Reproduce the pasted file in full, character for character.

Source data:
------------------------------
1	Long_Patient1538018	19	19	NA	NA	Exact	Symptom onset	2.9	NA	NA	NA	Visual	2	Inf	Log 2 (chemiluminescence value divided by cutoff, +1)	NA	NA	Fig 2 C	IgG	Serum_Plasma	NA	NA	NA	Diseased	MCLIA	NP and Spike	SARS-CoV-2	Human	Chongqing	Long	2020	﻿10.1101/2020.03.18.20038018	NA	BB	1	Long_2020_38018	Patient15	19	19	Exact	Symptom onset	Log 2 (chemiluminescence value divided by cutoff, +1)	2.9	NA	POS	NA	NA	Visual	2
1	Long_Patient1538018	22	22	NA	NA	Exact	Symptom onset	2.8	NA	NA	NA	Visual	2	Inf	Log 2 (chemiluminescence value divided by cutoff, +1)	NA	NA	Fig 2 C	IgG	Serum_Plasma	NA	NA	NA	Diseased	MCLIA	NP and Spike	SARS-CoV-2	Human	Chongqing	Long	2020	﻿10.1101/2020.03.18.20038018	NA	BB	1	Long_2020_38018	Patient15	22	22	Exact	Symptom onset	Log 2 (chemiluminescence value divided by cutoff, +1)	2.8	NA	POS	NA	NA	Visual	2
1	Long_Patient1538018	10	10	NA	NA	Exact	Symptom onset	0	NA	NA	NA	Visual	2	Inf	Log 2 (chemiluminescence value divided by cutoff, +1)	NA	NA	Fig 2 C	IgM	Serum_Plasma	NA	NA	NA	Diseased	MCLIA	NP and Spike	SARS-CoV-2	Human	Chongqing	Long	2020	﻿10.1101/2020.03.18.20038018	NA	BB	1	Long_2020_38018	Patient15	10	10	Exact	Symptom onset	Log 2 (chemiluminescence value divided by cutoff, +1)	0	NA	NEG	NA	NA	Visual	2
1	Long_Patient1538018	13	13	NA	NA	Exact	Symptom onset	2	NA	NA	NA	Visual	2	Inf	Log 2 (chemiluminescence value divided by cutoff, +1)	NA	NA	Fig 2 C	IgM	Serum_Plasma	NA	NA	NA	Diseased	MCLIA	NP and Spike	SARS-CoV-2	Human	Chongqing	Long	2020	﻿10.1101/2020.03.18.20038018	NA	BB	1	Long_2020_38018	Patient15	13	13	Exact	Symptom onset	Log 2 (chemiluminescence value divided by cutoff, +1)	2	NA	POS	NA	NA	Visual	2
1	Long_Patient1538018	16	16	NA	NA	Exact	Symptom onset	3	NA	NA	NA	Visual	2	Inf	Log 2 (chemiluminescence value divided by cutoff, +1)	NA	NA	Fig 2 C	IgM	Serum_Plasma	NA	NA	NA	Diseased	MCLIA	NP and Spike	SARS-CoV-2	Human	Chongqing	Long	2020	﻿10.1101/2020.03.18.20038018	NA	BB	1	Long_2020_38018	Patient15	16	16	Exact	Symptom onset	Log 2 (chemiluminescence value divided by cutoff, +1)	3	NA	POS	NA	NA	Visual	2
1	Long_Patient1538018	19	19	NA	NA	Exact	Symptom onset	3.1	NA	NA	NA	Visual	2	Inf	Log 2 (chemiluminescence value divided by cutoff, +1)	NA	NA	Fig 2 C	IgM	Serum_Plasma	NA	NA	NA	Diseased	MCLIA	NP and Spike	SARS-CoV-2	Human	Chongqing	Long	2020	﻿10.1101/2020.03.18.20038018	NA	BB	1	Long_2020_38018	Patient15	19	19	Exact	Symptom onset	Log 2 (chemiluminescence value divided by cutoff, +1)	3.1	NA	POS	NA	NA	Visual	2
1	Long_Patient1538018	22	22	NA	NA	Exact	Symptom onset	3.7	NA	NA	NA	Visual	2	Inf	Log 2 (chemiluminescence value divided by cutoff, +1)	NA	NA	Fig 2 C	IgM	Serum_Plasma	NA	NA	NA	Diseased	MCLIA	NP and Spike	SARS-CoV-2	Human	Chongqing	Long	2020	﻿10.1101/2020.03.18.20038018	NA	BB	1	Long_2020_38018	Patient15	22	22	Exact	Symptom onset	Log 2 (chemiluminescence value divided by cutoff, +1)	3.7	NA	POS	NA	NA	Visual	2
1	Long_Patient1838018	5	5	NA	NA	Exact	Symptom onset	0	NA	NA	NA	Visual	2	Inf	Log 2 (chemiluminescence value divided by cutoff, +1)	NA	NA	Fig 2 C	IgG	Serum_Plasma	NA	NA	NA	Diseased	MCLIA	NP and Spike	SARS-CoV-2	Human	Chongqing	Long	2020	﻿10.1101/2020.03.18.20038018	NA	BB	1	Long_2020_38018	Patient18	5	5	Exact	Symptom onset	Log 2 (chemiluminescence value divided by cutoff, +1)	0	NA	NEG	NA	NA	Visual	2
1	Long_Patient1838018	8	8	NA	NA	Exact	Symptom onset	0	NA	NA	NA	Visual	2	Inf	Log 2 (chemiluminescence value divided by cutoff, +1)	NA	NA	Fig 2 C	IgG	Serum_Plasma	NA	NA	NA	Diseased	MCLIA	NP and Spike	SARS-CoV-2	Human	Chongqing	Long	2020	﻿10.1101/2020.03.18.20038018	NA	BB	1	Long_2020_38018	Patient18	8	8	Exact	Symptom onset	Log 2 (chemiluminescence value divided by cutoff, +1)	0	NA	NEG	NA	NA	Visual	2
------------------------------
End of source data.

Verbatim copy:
1	Long_Patient1538018	19	19	NA	NA	Exact	Symptom onset	2.9	NA	NA	NA	Visual	2	Inf	Log 2 (chemiluminescence value divided by cutoff, +1)	NA	NA	Fig 2 C	IgG	Serum_Plasma	NA	NA	NA	Diseased	MCLIA	NP and Spike	SARS-CoV-2	Human	Chongqing	Long	2020	﻿10.1101/2020.03.18.20038018	NA	BB	1	Long_2020_38018	Patient15	19	19	Exact	Symptom onset	Log 2 (chemiluminescence value divided by cutoff, +1)	2.9	NA	POS	NA	NA	Visual	2
1	Long_Patient1538018	22	22	NA	NA	Exact	Symptom onset	2.8	NA	NA	NA	Visual	2	Inf	Log 2 (chemiluminescence value divided by cutoff, +1)	NA	NA	Fig 2 C	IgG	Serum_Plasma	NA	NA	NA	Diseased	MCLIA	NP and Spike	SARS-CoV-2	Human	Chongqing	Long	2020	﻿10.1101/2020.03.18.20038018	NA	BB	1	Long_2020_38018	Patient15	22	22	Exact	Symptom onset	Log 2 (chemiluminescence value divided by cutoff, +1)	2.8	NA	POS	NA	NA	Visual	2
1	Long_Patient1538018	10	10	NA	NA	Exact	Symptom onset	0	NA	NA	NA	Visual	2	Inf	Log 2 (chemiluminescence value divided by cutoff, +1)	NA	NA	Fig 2 C	IgM	Serum_Plasma	NA	NA	NA	Diseased	MCLIA	NP and Spike	SARS-CoV-2	Human	Chongqing	Long	2020	﻿10.1101/2020.03.18.20038018	NA	BB	1	Long_2020_38018	Patient15	10	10	Exact	Symptom onset	Log 2 (chemiluminescence value divided by cutoff, +1)	0	NA	NEG	NA	NA	Visual	2
1	Long_Patient1538018	13	13	NA	NA	Exact	Symptom onset	2	NA	NA	NA	Visual	2	Inf	Log 2 (chemiluminescence value divided by cutoff, +1)	NA	NA	Fig 2 C	IgM	Serum_Plasma	NA	NA	NA	Diseased	MCLIA	NP and Spike	SARS-CoV-2	Human	Chongqing	Long	2020	﻿10.1101/2020.03.18.20038018	NA	BB	1	Long_2020_38018	Patient15	13	13	Exact	Symptom onset	Log 2 (chemiluminescence value divided by cutoff, +1)	2	NA	POS	NA	NA	Visual	2
1	Long_Patient1538018	16	16	NA	NA	Exact	Symptom onset	3	NA	NA	NA	Visual	2	Inf	Log 2 (chemiluminescence value divided by cutoff, +1)	NA	NA	Fig 2 C	IgM	Serum_Plasma	NA	NA	NA	Diseased	MCLIA	NP and Spike	SARS-CoV-2	Human	Chongqing	Long	2020	﻿10.1101/2020.03.18.20038018	NA	BB	1	Long_2020_38018	Patient15	16	16	Exact	Symptom onset	Log 2 (chemiluminescence value divided by cutoff, +1)	3	NA	POS	NA	NA	Visual	2
1	Long_Patient1538018	19	19	NA	NA	Exact	Symptom onset	3.1	NA	NA	NA	Visual	2	Inf	Log 2 (chemiluminescence value divided by cutoff, +1)	NA	NA	Fig 2 C	IgM	Serum_Plasma	NA	NA	NA	Diseased	MCLIA	NP and Spike	SARS-CoV-2	Human	Chongqing	Long	2020	﻿10.1101/2020.03.18.20038018	NA	BB	1	Long_2020_38018	Patient15	19	19	Exact	Symptom onset	Log 2 (chemiluminescence value divided by cutoff, +1)	3.1	NA	POS	NA	NA	Visual	2
1	Long_Patient1538018	22	22	NA	NA	Exact	Symptom onset	3.7	NA	NA	NA	Visual	2	Inf	Log 2 (chemiluminescence value divided by cutoff, +1)	NA	NA	Fig 2 C	IgM	Serum_Plasma	NA	NA	NA	Diseased	MCLIA	NP and Spike	SARS-CoV-2	Human	Chongqing	Long	2020	﻿10.1101/2020.03.18.20038018	NA	BB	1	Long_2020_38018	Patient15	22	22	Exact	Symptom onset	Log 2 (chemiluminescence value divided by cutoff, +1)	3.7	NA	POS	NA	NA	Visual	2
1	Long_Patient1838018	5	5	NA	NA	Exact	Symptom onset	0	NA	NA	NA	Visual	2	Inf	Log 2 (chemiluminescence value divided by cutoff, +1)	NA	NA	Fig 2 C	IgG	Serum_Plasma	NA	NA	NA	Diseased	MCLIA	NP and Spike	SARS-CoV-2	Human	Chongqing	Long	2020	﻿10.1101/2020.03.18.20038018	NA	BB	1	Long_2020_38018	Patient18	5	5	Exact	Symptom onset	Log 2 (chemiluminescence value divided by cutoff, +1)	0	NA	NEG	NA	NA	Visual	2
1	Long_Patient1838018	8	8	NA	NA	Exact	Symptom onset	0	NA	NA	NA	Visual	2	Inf	Log 2 (chemiluminescence value divided by cutoff, +1)	NA	NA	Fig 2 C	IgG	Serum_Plasma	NA	NA	NA	Diseased	MCLIA	NP and Spike	SARS-CoV-2	Human	Chongqing	Long	2020	﻿10.1101/2020.03.18.20038018	NA	BB	1	Long_2020_38018	Patient18	8	8	Exact	Symptom onset	Log 2 (chemiluminescence value divided by cutoff, +1)	0	NA	NEG	NA	NA	Visual	2